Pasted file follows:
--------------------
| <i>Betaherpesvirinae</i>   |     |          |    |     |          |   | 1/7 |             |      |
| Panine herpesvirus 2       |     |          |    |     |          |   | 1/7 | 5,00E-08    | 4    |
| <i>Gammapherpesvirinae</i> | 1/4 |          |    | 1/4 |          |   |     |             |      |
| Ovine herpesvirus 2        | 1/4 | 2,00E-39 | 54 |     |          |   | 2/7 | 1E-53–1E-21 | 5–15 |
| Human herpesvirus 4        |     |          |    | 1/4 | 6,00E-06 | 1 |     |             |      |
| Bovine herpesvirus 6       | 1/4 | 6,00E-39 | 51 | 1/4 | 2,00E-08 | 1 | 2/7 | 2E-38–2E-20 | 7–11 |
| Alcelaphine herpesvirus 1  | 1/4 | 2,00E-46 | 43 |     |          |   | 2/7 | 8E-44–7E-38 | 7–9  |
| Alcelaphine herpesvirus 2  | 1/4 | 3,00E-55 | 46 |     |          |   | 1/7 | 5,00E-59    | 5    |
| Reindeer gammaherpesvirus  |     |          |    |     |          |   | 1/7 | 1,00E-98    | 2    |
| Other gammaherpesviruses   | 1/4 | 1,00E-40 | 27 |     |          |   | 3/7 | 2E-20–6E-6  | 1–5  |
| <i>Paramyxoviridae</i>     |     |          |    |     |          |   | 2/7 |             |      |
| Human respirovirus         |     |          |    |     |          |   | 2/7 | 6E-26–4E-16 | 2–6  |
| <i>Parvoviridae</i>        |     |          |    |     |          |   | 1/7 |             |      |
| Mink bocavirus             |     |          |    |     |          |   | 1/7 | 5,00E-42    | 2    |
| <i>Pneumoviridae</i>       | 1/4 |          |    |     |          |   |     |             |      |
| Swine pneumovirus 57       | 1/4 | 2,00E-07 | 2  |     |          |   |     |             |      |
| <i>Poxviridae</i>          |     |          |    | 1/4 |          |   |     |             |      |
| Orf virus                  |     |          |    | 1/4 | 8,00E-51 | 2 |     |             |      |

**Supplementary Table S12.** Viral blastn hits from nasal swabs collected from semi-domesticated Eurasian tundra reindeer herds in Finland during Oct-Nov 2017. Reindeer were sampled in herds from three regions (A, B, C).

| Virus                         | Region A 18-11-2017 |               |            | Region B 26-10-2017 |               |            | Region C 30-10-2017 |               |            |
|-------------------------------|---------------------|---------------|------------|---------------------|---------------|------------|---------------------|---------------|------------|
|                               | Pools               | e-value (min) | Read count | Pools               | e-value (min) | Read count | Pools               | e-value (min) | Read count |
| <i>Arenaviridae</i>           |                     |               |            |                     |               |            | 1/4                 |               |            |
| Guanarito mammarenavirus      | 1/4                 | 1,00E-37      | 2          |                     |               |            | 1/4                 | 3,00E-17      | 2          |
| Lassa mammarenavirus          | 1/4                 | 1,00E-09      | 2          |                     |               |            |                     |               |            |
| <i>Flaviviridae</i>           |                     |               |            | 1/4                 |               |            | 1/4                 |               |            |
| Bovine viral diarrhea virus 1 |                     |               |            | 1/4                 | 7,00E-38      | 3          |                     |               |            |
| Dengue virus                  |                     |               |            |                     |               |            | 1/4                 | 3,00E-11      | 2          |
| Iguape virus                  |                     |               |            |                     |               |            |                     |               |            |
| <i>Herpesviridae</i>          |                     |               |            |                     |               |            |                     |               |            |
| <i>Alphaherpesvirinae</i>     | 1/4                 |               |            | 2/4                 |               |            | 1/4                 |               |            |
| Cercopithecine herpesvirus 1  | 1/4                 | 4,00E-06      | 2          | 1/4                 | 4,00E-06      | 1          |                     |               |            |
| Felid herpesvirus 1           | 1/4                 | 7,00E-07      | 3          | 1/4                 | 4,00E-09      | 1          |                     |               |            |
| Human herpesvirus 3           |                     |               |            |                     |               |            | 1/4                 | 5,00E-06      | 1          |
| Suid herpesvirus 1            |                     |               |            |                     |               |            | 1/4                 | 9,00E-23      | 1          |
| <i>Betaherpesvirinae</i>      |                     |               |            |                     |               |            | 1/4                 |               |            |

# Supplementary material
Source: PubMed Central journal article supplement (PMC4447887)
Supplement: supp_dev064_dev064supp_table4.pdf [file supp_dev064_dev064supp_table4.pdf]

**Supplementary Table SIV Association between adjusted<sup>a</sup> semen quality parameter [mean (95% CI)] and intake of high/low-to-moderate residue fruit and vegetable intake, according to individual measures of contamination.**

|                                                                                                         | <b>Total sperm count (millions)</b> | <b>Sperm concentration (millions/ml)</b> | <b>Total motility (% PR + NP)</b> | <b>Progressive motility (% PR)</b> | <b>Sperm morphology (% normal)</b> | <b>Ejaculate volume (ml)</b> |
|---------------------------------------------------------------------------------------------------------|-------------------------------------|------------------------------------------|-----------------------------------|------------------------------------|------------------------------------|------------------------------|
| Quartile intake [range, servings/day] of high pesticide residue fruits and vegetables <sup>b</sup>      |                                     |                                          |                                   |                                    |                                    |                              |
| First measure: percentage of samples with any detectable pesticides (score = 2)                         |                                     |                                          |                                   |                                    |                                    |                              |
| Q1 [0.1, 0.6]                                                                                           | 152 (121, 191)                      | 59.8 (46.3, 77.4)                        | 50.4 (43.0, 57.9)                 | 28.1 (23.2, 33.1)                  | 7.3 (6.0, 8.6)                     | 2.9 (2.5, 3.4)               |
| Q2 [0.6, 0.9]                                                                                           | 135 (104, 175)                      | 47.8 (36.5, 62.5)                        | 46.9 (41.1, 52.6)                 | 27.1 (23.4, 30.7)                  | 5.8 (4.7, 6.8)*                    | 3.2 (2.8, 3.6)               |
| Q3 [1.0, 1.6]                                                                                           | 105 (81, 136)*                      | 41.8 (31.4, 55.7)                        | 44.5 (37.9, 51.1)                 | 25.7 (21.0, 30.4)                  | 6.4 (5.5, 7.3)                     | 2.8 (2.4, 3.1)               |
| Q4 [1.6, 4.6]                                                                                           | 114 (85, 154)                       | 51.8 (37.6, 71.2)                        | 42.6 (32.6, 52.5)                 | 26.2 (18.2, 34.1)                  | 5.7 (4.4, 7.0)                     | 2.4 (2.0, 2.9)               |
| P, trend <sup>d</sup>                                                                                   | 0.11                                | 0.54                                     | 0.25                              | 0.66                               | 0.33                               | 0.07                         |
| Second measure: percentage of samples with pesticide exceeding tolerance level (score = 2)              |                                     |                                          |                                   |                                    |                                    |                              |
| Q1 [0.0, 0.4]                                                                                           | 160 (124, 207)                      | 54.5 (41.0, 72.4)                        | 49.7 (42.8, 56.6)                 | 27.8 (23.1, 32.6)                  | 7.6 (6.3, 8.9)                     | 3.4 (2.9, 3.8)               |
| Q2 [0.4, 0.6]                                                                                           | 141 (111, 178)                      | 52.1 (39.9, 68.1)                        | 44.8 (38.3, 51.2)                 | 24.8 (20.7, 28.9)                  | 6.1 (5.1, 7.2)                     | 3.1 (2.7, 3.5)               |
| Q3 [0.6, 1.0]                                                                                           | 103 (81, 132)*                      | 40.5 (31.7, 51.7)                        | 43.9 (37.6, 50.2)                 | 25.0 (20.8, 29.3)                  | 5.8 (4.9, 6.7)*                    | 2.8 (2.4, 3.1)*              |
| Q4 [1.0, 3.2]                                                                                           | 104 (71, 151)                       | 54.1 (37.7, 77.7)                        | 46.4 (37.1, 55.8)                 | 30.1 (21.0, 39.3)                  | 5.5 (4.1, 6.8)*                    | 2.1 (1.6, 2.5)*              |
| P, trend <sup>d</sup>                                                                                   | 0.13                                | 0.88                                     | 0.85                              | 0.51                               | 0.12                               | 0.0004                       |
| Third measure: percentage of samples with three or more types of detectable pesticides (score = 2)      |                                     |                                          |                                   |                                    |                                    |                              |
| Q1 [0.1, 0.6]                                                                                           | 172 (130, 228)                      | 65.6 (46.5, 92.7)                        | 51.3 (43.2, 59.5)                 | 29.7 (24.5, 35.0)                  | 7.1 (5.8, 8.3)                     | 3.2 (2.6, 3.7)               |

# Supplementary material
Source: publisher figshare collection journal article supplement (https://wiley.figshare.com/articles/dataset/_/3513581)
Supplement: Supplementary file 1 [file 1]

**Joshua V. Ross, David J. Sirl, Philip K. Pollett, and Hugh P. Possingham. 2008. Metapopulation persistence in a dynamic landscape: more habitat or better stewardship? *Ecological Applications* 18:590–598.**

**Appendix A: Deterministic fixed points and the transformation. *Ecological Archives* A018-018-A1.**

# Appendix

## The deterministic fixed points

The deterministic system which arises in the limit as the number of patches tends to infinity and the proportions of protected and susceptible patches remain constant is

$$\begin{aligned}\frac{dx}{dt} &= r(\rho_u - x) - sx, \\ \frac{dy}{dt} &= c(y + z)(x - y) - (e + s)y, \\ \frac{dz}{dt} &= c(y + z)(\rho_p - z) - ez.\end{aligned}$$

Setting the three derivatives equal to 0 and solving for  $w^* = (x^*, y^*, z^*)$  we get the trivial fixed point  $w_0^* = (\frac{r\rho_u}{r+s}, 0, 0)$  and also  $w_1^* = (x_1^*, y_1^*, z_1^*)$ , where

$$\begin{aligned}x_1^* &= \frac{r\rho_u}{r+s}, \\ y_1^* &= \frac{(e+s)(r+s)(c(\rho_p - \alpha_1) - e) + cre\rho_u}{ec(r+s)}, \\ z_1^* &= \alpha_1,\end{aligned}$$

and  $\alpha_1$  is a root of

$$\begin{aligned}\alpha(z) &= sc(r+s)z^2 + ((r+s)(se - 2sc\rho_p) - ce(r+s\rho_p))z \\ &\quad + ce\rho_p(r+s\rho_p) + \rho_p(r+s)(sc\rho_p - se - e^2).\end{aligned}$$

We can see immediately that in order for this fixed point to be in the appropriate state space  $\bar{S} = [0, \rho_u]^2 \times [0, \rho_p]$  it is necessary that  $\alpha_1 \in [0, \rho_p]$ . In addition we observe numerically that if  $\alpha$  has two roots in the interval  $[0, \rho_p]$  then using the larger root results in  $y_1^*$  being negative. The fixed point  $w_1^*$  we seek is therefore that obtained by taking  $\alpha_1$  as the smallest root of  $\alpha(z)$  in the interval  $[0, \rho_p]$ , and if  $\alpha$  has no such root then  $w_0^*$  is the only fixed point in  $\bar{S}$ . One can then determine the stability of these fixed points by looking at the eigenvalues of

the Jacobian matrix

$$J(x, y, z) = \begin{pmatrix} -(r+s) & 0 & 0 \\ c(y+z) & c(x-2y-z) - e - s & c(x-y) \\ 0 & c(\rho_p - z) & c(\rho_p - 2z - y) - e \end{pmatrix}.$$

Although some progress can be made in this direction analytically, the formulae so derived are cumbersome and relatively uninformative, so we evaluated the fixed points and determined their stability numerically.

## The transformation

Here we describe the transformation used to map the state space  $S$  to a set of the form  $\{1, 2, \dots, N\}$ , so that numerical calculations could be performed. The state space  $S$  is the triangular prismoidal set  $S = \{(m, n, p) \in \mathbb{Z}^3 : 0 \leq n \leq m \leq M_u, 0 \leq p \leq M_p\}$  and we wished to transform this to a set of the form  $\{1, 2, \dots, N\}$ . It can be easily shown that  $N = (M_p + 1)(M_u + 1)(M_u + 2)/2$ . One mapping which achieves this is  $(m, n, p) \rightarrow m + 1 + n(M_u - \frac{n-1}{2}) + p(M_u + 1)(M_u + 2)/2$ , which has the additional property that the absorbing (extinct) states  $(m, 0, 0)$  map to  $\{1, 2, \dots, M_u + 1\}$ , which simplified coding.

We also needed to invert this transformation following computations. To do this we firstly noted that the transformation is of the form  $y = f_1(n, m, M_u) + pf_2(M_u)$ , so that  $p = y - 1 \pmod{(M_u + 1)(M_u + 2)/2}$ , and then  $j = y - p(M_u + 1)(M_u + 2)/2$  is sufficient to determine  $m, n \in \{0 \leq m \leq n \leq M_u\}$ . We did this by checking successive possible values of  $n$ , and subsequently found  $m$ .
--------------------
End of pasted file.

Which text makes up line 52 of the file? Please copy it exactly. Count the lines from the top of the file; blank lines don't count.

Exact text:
| Q2 [0.4, 0.6]                                                                                           | 141 (111, 178)                      | 52.1 (39.9, 68.1)                        | 44.8 (38.3, 51.2)                 | 24.8 (20.7, 28.9)                  | 6.1 (5.1, 7.2)                     | 3.1 (2.7, 3.5)               |